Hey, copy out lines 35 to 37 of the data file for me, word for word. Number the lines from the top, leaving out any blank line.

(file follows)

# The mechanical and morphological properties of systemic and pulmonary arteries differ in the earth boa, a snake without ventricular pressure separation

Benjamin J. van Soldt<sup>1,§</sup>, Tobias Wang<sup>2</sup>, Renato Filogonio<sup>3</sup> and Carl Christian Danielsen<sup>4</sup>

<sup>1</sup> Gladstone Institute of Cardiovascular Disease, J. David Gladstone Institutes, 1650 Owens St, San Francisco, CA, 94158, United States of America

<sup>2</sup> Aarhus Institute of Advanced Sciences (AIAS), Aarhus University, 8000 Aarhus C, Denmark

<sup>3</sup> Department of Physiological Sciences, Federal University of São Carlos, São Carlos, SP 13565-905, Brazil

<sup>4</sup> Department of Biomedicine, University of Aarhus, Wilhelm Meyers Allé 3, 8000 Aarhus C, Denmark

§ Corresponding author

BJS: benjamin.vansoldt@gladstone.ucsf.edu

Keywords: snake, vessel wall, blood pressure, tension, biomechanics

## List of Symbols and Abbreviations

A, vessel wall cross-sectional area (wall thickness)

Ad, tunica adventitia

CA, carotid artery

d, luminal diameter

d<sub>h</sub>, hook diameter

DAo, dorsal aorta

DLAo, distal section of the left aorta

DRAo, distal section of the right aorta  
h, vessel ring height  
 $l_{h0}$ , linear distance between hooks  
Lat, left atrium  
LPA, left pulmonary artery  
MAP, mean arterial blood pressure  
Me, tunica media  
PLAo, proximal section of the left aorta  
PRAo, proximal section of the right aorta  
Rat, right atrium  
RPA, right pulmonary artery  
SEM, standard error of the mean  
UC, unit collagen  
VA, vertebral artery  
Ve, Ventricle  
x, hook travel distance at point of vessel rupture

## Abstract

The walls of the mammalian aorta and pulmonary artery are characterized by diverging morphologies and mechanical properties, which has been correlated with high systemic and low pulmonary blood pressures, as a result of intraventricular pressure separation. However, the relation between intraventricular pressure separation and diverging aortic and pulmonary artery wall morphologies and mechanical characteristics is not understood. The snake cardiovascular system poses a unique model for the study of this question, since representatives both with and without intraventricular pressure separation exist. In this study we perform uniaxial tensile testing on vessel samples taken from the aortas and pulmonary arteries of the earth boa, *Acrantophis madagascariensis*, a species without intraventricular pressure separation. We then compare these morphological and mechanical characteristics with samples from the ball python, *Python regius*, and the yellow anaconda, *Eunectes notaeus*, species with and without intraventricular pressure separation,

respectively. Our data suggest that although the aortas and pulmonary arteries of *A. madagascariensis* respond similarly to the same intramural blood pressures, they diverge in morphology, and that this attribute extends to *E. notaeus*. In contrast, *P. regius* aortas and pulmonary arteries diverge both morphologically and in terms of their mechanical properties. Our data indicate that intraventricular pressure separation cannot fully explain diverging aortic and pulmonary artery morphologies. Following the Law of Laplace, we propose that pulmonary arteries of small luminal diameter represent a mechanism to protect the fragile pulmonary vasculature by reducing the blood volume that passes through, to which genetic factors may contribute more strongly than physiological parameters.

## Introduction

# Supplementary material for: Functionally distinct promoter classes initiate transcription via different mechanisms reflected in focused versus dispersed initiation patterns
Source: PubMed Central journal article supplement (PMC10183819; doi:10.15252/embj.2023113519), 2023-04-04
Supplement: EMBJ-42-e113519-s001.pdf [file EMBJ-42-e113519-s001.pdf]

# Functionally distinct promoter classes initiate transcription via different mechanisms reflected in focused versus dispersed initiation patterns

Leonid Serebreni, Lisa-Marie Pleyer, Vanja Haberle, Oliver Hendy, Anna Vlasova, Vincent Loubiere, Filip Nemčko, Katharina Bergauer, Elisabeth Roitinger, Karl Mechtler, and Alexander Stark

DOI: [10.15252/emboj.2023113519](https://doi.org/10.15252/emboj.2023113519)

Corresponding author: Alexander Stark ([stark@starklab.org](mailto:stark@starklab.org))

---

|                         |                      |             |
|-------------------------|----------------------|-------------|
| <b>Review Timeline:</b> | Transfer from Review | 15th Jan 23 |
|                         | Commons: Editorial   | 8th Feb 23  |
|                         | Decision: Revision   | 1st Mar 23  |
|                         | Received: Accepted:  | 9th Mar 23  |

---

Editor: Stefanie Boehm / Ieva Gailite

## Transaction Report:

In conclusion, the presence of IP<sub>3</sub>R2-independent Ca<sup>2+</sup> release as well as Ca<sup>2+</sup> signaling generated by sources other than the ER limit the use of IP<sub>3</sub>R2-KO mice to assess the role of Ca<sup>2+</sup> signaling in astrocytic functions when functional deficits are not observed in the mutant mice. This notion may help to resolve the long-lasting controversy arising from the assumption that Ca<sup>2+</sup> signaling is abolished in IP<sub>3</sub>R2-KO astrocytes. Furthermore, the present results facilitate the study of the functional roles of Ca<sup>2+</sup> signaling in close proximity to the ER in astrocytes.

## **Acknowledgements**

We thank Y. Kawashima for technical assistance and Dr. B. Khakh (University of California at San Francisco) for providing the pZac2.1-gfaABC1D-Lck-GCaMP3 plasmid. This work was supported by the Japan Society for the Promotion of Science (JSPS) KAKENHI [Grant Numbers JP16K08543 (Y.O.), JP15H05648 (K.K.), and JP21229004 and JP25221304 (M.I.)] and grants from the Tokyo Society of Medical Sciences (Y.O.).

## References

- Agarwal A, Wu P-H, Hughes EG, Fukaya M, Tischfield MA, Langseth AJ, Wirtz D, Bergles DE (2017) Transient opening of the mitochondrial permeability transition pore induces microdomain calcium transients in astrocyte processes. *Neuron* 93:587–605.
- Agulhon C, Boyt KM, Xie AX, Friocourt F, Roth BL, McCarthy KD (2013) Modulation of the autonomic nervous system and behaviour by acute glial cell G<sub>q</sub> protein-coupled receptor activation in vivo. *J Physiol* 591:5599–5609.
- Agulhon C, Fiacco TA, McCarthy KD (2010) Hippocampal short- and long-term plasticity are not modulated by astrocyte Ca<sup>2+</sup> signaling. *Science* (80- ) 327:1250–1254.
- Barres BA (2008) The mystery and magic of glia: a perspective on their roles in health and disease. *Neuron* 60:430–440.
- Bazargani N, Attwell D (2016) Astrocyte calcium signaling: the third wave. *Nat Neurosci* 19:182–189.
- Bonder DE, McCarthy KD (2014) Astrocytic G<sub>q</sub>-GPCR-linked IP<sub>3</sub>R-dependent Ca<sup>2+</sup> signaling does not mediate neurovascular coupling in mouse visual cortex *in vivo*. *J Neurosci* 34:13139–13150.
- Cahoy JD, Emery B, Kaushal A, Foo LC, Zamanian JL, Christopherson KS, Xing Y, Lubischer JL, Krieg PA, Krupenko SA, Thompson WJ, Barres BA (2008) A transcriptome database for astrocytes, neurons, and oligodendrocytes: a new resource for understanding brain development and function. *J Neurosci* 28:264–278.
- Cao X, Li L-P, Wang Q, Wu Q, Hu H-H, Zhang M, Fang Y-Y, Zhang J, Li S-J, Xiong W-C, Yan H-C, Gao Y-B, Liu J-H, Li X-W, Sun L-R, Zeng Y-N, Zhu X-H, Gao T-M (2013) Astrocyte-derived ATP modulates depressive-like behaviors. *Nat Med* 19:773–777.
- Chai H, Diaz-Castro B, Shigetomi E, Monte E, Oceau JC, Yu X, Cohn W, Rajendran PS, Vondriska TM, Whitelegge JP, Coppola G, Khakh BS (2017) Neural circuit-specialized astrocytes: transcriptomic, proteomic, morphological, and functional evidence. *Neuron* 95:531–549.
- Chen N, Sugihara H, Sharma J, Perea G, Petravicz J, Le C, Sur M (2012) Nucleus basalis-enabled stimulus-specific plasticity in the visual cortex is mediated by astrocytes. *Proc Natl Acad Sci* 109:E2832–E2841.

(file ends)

The walls of the mammalian aorta and pulmonary artery are characterized by diverging morphologies and mechanical properties, which has been correlated with high systemic and low pulmonary blood pressures, as a result of intraventricular pressure separation. However, the relation between intraventricular pressure separation and diverging aortic and pulmonary artery wall morphologies and mechanical characteristics is not understood. The snake cardiovascular system poses a unique model for the study of this question, since representatives both with and without intraventricular pressure separation exist. In this study we perform uniaxial tensile testing on vessel samples taken from the aortas and pulmonary arteries of the earth boa, *Acrantophis madagascariensis*, a species without intraventricular pressure separation. We then compare these morphological and mechanical characteristics with samples from the ball python, *Python regius*, and the yellow anaconda, *Eunectes notaeus*, species with and without intraventricular pressure separation,

respectively. Our data suggest that although the aortas and pulmonary arteries of *A. madagascariensis* respond similarly to the same intramural blood pressures, they diverge in morphology, and that this attribute extends to *E. notaeus*. In contrast, *P. regius* aortas and pulmonary arteries diverge both morphologically and in terms of their mechanical properties. Our data indicate that intraventricular pressure separation cannot fully explain diverging aortic and pulmonary artery morphologies. Following the Law of Laplace, we propose that pulmonary arteries of small luminal diameter represent a mechanism to protect the fragile pulmonary vasculature by reducing the blood volume that passes through, to which genetic factors may contribute more strongly than physiological parameters.

## Introduction